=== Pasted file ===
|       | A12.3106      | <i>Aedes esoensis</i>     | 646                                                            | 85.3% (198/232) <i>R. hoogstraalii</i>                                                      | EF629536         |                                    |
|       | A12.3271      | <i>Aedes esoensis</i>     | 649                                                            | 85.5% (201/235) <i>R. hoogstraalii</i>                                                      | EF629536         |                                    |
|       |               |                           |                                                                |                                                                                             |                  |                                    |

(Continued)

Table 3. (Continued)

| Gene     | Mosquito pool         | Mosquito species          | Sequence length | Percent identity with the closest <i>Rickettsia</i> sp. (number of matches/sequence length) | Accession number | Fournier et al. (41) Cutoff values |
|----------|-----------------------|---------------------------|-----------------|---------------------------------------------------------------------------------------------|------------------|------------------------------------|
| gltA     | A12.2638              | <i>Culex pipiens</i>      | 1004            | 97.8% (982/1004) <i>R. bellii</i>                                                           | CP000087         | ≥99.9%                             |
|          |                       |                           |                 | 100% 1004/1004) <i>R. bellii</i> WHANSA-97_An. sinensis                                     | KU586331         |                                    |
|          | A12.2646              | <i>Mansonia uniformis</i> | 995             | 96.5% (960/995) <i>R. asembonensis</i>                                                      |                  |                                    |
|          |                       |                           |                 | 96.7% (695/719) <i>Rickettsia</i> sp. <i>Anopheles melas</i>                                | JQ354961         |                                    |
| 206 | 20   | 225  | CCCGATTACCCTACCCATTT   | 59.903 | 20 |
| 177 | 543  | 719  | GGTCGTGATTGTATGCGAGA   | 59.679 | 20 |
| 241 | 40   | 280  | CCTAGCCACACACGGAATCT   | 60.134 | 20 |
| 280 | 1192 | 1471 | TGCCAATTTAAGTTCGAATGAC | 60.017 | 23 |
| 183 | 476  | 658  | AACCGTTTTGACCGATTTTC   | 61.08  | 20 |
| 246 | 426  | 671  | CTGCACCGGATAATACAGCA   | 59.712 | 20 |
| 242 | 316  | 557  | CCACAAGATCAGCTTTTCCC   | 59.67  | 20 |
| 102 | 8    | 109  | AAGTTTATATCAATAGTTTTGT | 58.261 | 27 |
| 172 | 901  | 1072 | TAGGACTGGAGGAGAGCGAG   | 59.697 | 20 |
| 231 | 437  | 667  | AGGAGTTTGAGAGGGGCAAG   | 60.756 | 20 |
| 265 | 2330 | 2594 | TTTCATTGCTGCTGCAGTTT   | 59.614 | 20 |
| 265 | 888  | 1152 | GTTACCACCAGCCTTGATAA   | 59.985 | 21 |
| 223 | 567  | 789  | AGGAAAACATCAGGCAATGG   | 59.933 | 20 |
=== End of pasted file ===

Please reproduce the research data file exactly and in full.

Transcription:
|       | A12.3106      | <i>Aedes esoensis</i>     | 646                                                            | 85.3% (198/232) <i>R. hoogstraalii</i>                                                      | EF629536         |                                    |
|       | A12.3271      | <i>Aedes esoensis</i>     | 649                                                            | 85.5% (201/235) <i>R. hoogstraalii</i>                                                      | EF629536         |                                    |
|       |               |                           |                                                                |                                                                                             |                  |                                    |

(Continued)

Table 3. (Continued)

| Gene     | Mosquito pool         | Mosquito species          | Sequence length | Percent identity with the closest <i>Rickettsia</i> sp. (number of matches/sequence length) | Accession number | Fournier et al. (41) Cutoff values |
|----------|-----------------------|---------------------------|-----------------|---------------------------------------------------------------------------------------------|------------------|------------------------------------|
| gltA     | A12.2638              | <i>Culex pipiens</i>      | 1004            | 97.8% (982/1004) <i>R. bellii</i>                                                           | CP000087         | ≥99.9%                             |
|          |                       |                           |                 | 100% 1004/1004) <i>R. bellii</i> WHANSA-97_An. sinensis                                     | KU586331         |                                    |
|          | A12.2646              | <i>Mansonia uniformis</i> | 995             | 96.5% (960/995) <i>R. asembonensis</i>                                                      |                  |                                    |
|          |                       |                           |                 | 96.7% (695/719) <i>Rickettsia</i> sp. <i>Anopheles melas</i>                                | JQ354961         |                                    |
| 206 | 20   | 225  | CCCGATTACCCTACCCATTT   | 59.903 | 20 |
| 177 | 543  | 719  | GGTCGTGATTGTATGCGAGA   | 59.679 | 20 |
| 241 | 40   | 280  | CCTAGCCACACACGGAATCT   | 60.134 | 20 |
| 280 | 1192 | 1471 | TGCCAATTTAAGTTCGAATGAC | 60.017 | 23 |
| 183 | 476  | 658  | AACCGTTTTGACCGATTTTC   | 61.08  | 20 |
| 246 | 426  | 671  | CTGCACCGGATAATACAGCA   | 59.712 | 20 |
| 242 | 316  | 557  | CCACAAGATCAGCTTTTCCC   | 59.67  | 20 |
| 102 | 8    | 109  | AAGTTTATATCAATAGTTTTGT | 58.261 | 27 |
| 172 | 901  | 1072 | TAGGACTGGAGGAGAGCGAG   | 59.697 | 20 |
| 231 | 437  | 667  | AGGAGTTTGAGAGGGGCAAG   | 60.756 | 20 |
| 265 | 2330 | 2594 | TTTCATTGCTGCTGCAGTTT   | 59.614 | 20 |
| 265 | 888  | 1152 | GTTACCACCAGCCTTGATAA   | 59.985 | 21 |
| 223 | 567  | 789  | AGGAAAACATCAGGCAATGG   | 59.933 | 20 |